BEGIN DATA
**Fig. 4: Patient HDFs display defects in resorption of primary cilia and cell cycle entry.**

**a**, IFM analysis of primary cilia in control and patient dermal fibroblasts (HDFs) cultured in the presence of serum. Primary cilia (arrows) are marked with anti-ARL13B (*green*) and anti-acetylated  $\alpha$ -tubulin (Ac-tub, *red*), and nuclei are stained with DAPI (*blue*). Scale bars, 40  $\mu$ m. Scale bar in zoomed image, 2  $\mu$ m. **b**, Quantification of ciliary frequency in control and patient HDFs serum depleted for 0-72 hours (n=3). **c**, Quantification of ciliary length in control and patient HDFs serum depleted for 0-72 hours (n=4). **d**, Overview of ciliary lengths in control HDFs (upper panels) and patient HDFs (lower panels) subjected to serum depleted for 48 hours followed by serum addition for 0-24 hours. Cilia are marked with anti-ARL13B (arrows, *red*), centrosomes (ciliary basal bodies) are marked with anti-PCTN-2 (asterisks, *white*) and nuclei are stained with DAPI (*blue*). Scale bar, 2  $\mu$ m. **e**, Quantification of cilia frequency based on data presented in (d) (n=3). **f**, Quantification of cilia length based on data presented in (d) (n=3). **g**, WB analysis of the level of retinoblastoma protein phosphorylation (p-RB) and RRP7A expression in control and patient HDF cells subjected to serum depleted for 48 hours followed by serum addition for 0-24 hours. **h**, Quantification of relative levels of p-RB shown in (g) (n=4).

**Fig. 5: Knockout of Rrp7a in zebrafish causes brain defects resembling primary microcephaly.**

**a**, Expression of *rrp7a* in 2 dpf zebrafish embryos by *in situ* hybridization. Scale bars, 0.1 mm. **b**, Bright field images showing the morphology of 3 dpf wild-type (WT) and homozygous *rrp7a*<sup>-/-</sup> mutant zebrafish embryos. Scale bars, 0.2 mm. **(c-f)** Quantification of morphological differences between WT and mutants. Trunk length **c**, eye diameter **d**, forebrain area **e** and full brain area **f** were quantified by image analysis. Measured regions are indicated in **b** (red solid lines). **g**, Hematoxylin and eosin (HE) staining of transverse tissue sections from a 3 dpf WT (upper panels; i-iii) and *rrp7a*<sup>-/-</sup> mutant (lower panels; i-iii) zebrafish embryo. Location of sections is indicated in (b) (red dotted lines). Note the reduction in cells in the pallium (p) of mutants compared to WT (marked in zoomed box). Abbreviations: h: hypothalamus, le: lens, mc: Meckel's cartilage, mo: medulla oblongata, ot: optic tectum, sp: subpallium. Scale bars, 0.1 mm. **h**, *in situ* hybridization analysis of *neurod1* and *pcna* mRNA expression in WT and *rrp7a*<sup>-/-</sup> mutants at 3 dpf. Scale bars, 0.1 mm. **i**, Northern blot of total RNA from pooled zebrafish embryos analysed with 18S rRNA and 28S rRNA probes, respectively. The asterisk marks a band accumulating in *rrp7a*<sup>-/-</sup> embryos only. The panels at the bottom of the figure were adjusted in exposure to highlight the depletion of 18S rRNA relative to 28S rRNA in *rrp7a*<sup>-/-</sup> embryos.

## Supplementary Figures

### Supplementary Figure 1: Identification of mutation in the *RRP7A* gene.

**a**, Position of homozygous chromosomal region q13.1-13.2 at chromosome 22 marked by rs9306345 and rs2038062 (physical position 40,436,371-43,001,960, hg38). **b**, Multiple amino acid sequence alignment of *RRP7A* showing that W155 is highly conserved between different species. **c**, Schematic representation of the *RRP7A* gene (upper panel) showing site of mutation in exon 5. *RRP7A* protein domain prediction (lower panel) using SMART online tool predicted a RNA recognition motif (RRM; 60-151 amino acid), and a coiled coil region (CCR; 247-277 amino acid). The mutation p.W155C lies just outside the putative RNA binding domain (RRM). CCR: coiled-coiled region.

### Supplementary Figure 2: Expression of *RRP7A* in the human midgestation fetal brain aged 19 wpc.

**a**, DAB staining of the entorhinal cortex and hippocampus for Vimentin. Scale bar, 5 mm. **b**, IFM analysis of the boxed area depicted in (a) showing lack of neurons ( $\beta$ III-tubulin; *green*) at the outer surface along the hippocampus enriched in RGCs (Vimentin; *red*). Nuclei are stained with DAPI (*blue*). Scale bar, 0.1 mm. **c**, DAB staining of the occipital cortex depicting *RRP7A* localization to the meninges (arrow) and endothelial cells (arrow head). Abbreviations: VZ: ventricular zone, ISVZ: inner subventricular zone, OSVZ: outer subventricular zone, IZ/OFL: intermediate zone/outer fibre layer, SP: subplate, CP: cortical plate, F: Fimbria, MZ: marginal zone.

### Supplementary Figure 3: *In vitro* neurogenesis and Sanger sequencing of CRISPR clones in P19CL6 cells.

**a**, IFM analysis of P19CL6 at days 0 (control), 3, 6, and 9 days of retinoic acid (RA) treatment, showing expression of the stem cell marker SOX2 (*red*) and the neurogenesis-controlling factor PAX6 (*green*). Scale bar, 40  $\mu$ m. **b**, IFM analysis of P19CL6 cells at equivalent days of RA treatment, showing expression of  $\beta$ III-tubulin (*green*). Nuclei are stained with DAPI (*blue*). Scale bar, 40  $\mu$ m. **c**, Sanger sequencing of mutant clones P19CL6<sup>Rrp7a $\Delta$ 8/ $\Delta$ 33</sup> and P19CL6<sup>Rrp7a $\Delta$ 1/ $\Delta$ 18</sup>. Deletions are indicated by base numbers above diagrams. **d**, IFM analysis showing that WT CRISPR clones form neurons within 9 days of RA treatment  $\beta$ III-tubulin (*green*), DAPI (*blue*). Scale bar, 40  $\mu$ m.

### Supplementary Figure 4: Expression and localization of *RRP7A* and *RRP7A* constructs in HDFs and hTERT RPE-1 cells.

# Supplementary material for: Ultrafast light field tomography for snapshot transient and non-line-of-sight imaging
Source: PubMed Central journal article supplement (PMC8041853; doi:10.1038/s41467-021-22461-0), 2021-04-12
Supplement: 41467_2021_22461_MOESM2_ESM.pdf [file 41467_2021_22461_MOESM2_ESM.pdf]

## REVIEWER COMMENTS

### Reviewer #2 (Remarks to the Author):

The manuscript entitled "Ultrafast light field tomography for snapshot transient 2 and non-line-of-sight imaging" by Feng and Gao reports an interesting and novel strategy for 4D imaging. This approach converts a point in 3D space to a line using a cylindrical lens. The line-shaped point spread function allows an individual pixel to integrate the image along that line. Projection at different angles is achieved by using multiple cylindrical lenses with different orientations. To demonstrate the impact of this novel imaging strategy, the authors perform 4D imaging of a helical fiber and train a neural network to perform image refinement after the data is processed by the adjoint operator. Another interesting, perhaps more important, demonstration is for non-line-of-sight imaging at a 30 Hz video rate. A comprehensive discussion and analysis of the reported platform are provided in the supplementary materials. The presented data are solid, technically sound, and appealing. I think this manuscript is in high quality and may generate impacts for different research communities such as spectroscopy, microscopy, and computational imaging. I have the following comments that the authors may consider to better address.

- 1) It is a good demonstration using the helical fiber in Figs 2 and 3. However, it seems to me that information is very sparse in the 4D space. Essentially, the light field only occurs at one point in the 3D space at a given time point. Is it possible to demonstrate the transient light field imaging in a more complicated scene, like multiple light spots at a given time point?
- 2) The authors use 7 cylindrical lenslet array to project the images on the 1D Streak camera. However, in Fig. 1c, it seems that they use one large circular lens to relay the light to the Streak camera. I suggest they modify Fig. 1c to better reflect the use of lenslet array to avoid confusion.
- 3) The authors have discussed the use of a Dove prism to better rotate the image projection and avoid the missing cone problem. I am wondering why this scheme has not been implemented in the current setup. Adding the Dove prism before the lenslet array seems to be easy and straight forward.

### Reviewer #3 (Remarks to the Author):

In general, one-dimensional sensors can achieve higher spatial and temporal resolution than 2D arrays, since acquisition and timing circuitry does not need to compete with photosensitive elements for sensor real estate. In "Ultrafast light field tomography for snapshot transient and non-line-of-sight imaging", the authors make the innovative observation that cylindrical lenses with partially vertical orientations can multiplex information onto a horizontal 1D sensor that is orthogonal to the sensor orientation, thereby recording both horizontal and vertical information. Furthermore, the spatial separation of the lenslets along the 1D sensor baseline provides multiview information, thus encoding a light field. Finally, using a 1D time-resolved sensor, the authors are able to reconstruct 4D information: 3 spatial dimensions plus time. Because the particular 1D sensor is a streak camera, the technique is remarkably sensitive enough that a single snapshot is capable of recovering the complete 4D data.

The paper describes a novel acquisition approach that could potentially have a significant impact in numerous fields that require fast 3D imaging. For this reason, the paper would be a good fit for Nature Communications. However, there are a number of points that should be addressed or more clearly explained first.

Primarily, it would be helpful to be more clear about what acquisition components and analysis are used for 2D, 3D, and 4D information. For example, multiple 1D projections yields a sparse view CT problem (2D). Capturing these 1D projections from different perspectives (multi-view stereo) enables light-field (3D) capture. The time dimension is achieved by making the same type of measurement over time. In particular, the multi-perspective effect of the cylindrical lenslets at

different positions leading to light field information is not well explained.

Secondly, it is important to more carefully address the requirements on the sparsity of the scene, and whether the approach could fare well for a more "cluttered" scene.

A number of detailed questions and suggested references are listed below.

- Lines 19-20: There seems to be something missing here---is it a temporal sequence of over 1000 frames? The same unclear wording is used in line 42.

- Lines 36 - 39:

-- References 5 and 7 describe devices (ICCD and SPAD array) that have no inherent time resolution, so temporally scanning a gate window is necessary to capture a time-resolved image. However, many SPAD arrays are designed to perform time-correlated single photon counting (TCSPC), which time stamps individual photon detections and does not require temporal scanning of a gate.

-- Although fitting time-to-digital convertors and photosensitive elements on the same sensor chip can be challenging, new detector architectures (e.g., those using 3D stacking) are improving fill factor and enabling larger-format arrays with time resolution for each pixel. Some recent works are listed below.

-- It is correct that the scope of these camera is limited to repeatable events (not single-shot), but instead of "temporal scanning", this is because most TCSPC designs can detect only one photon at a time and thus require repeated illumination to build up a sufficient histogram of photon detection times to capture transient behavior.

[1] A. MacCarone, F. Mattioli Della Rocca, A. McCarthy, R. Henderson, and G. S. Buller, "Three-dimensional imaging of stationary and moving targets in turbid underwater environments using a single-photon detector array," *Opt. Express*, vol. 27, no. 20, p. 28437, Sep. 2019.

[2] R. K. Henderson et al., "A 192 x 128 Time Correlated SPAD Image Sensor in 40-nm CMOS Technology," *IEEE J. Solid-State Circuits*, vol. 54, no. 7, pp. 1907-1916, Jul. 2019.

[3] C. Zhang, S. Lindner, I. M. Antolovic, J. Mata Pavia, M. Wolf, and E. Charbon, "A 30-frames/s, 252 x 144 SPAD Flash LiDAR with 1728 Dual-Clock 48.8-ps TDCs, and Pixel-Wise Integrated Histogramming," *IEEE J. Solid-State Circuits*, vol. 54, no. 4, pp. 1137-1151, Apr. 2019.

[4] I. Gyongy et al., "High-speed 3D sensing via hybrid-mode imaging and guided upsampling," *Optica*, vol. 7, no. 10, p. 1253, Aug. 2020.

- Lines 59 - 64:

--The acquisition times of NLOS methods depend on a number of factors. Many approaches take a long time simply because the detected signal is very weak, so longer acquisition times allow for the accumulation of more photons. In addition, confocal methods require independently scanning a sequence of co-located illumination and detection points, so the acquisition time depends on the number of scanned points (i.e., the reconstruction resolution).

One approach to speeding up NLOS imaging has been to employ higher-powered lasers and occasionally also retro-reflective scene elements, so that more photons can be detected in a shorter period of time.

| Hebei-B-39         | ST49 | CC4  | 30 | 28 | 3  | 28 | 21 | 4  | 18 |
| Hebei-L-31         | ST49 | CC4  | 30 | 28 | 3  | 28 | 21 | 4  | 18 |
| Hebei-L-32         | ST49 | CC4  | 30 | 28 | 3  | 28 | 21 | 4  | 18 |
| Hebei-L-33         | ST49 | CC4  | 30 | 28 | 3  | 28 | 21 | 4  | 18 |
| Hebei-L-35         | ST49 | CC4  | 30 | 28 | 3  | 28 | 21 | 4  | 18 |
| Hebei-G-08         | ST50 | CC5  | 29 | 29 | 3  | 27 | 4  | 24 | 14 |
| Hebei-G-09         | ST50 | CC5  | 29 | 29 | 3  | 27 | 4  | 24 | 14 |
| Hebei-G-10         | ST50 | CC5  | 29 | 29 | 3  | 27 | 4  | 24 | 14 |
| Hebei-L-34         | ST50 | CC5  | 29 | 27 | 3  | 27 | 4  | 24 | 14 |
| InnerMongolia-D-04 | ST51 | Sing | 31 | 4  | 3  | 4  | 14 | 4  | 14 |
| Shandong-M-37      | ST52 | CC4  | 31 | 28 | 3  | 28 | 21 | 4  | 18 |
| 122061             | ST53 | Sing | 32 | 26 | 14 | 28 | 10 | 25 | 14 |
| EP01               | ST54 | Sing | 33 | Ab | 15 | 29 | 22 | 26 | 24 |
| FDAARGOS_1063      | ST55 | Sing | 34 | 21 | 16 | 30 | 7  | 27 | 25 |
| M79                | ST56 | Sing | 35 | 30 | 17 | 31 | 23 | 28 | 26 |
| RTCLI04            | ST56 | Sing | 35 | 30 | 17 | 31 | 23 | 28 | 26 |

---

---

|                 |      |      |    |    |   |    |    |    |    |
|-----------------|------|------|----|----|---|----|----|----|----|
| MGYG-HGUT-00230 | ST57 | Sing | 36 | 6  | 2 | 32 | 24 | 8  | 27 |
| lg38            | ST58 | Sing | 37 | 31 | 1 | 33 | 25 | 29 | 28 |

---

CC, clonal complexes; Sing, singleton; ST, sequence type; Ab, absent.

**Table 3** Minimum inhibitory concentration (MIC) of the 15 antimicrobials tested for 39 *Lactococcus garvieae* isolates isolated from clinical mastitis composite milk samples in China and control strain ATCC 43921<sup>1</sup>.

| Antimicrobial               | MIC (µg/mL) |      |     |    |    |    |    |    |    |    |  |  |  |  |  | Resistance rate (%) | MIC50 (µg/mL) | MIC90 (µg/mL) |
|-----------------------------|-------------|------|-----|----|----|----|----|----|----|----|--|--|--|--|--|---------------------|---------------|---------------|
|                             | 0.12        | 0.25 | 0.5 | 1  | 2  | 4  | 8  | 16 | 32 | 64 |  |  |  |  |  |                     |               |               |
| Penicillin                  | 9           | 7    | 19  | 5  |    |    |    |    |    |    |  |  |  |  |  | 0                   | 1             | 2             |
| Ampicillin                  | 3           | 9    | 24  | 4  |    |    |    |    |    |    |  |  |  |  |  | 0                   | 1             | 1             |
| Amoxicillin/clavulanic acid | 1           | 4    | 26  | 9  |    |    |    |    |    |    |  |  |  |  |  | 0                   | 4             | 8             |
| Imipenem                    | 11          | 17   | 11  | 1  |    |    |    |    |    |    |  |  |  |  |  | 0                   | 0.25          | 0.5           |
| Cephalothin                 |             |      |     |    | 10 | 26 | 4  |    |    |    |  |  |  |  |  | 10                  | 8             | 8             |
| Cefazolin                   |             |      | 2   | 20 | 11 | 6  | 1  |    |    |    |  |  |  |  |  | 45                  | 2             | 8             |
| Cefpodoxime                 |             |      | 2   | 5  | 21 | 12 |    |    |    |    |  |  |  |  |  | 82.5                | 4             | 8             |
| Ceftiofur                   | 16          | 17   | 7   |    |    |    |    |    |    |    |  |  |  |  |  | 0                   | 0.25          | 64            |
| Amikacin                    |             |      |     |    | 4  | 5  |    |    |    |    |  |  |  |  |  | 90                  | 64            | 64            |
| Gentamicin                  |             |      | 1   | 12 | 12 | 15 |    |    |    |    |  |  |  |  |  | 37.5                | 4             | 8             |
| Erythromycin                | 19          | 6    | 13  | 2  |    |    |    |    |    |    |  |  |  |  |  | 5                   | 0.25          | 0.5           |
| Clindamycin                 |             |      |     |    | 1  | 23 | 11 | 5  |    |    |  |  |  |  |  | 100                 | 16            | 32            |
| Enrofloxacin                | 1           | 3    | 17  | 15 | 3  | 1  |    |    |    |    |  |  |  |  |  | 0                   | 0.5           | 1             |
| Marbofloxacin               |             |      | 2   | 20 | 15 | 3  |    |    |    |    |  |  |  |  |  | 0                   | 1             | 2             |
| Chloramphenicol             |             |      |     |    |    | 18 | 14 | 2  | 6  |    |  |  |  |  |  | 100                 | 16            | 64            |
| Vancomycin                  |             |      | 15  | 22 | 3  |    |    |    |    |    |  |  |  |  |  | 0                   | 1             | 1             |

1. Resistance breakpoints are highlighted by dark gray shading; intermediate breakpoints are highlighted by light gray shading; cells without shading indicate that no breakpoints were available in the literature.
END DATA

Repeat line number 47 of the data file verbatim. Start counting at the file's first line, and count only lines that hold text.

| Hebei-G-09         | ST50 | CC5  | 29 | 29 | 3  | 27 | 4  | 24 | 14 |